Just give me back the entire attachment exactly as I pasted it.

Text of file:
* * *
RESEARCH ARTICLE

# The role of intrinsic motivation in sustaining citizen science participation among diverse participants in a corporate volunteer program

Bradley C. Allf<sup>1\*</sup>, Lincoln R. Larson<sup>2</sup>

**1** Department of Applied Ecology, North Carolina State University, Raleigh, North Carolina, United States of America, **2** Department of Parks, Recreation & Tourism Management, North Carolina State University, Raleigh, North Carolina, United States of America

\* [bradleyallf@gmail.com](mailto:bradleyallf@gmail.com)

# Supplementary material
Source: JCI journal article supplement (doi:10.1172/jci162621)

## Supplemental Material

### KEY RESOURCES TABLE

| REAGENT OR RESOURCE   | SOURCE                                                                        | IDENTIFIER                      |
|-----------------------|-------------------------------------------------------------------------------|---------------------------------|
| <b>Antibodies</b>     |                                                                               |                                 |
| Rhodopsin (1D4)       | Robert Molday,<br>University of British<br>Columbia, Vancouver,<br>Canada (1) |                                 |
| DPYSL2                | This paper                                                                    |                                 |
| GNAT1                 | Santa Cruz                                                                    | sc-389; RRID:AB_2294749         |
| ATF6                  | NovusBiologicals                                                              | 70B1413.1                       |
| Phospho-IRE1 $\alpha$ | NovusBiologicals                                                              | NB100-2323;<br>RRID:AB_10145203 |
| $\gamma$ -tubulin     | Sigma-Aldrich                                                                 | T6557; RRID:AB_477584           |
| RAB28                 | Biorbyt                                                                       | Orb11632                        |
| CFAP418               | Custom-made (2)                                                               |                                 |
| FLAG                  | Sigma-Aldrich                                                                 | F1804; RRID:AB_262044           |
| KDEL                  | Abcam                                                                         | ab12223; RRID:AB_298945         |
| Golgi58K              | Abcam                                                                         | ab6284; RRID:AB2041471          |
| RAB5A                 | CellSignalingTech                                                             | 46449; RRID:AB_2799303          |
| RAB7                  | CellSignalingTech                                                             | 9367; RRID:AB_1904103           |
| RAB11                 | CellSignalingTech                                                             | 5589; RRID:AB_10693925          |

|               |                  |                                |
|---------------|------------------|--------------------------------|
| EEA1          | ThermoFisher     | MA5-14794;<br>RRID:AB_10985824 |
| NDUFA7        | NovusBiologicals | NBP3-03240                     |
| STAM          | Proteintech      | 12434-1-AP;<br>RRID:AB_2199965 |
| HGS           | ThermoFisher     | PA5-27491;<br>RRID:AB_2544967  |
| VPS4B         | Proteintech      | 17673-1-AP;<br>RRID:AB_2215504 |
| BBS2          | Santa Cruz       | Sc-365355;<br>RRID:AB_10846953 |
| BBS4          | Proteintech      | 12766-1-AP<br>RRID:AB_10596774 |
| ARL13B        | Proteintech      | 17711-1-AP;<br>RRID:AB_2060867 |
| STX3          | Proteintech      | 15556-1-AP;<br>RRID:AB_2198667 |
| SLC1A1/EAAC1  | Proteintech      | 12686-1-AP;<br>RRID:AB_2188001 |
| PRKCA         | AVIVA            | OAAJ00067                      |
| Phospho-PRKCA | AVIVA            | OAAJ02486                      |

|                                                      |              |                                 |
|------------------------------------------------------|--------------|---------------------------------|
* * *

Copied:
RESEARCH ARTICLE

# The role of intrinsic motivation in sustaining citizen science participation among diverse participants in a corporate volunteer program

Bradley C. Allf<sup>1\*</sup>, Lincoln R. Larson<sup>2</sup>

**1** Department of Applied Ecology, North Carolina State University, Raleigh, North Carolina, United States of America, **2** Department of Parks, Recreation & Tourism Management, North Carolina State University, Raleigh, North Carolina, United States of America

\* [bradleyallf@gmail.com](mailto:bradleyallf@gmail.com)

# Supplementary material
Source: JCI journal article supplement (doi:10.1172/jci162621)

## Supplemental Material

### KEY RESOURCES TABLE

| REAGENT OR RESOURCE   | SOURCE                                                                        | IDENTIFIER                      |
|-----------------------|-------------------------------------------------------------------------------|---------------------------------|
| <b>Antibodies</b>     |                                                                               |                                 |
| Rhodopsin (1D4)       | Robert Molday,<br>University of British<br>Columbia, Vancouver,<br>Canada (1) |                                 |
| DPYSL2                | This paper                                                                    |                                 |
| GNAT1                 | Santa Cruz                                                                    | sc-389; RRID:AB_2294749         |
| ATF6                  | NovusBiologicals                                                              | 70B1413.1                       |
| Phospho-IRE1 $\alpha$ | NovusBiologicals                                                              | NB100-2323;<br>RRID:AB_10145203 |
| $\gamma$ -tubulin     | Sigma-Aldrich                                                                 | T6557; RRID:AB_477584           |
| RAB28                 | Biorbyt                                                                       | Orb11632                        |
| CFAP418               | Custom-made (2)                                                               |                                 |
| FLAG                  | Sigma-Aldrich                                                                 | F1804; RRID:AB_262044           |
| KDEL                  | Abcam                                                                         | ab12223; RRID:AB_298945         |
| Golgi58K              | Abcam                                                                         | ab6284; RRID:AB2041471          |
| RAB5A                 | CellSignalingTech                                                             | 46449; RRID:AB_2799303          |
| RAB7                  | CellSignalingTech                                                             | 9367; RRID:AB_1904103           |
| RAB11                 | CellSignalingTech                                                             | 5589; RRID:AB_10693925          |

|               |                  |                                |
|---------------|------------------|--------------------------------|
| EEA1          | ThermoFisher     | MA5-14794;<br>RRID:AB_10985824 |
| NDUFA7        | NovusBiologicals | NBP3-03240                     |
| STAM          | Proteintech      | 12434-1-AP;<br>RRID:AB_2199965 |
| HGS           | ThermoFisher     | PA5-27491;<br>RRID:AB_2544967  |
| VPS4B         | Proteintech      | 17673-1-AP;<br>RRID:AB_2215504 |
| BBS2          | Santa Cruz       | Sc-365355;<br>RRID:AB_10846953 |
| BBS4          | Proteintech      | 12766-1-AP<br>RRID:AB_10596774 |
| ARL13B        | Proteintech      | 17711-1-AP;<br>RRID:AB_2060867 |
| STX3          | Proteintech      | 15556-1-AP;<br>RRID:AB_2198667 |
| SLC1A1/EAAC1  | Proteintech      | 12686-1-AP;<br>RRID:AB_2188001 |
| PRKCA         | AVIVA            | OAAJ00067                      |
| Phospho-PRKCA | AVIVA            | OAAJ02486                      |

|                                                      |              |                                 |
|------------------------------------------------------|--------------|---------------------------------|